The Torah commands Tzedek: “Justice, and only justice, you shall follow, that you may live and inherit the land that the L-rd your G-d is giving you.” (Deuteronomy 16:20). Although “Justice, Tzedek, you shall pursue” is an instruction to judges to pass “righteous” judgment, it can also refer to the concept of “charity” –Tzedakah– which also comes from the word Tzedek. In this context, the Torah commands every believer to pursue the mitzvah of giving charity “so that you may live and inherit the land.”
"Judge Yourself First"
The Torah states, “Judges and officers you shall appoint for you,” (Deut. 16:18). According to our sages, this also has another message. It implies that before a person judges others, they must first judge themselves.
This applies equally to an individual who might be judging others or to a judge passing judgment upon others. They must remember to judge themselves and live by the same standard they would impose on others. Then, and only then, can they “judge the people with righteous judgment.”
This is also in accordance with the following directives of our Talmudic sages: “A person should correct their own faults before correcting others.” Only then will one be able to properly influence the behavior of others. Our sages also say: “Do not judge others until you have put yourself in their place.”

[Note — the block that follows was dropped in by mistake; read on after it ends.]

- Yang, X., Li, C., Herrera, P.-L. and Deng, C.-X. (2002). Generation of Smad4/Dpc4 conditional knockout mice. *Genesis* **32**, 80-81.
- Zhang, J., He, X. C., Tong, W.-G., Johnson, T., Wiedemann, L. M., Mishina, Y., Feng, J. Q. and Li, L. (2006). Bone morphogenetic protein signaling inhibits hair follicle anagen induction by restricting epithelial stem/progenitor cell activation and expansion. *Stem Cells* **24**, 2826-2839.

HAFTARA Isaiah 51:12 – 52:12
In this Haftarah portion, God continues to comfort Yisrael and answers Isaiah’s unspoken cry of distress. In verse 12 the use of the pronoun “you” means that God addresses this word directly to the prophet who is feeling fearful: “I, [only] I am the One who comforts you. Who are you that you should fear man, who dies, or a son of man, who is given up like grass?” (Isaiah 51:12). Who are you to be afraid of man? I am with you! is the response of God to the frightened prophet. The prophet is invited to put his faith and trust in Hashem: “But you forgot Hashem your Maker” (51:13a).
Isaiah 51 shows that Hashem is aware of the situation of His people and of each one of us. Is the oppressor more powerful than the One who made the heavens and the earth? “who stretched out the heavens and laid the foundations of the earth. Are you in constant dread all day because of the fury of the oppressor as he makes ready to destroy? But where is the fury of the oppressor?” (51:13b). According to Radak, this oppressor is Sennacherib, king of the Assyrians. This oppressor will disappear, and Hashem will deliver the one who is oppressed: “Soon one bowed down will be released. He will not die and go to the Pit, nor will his bread be lacking.” (51:14).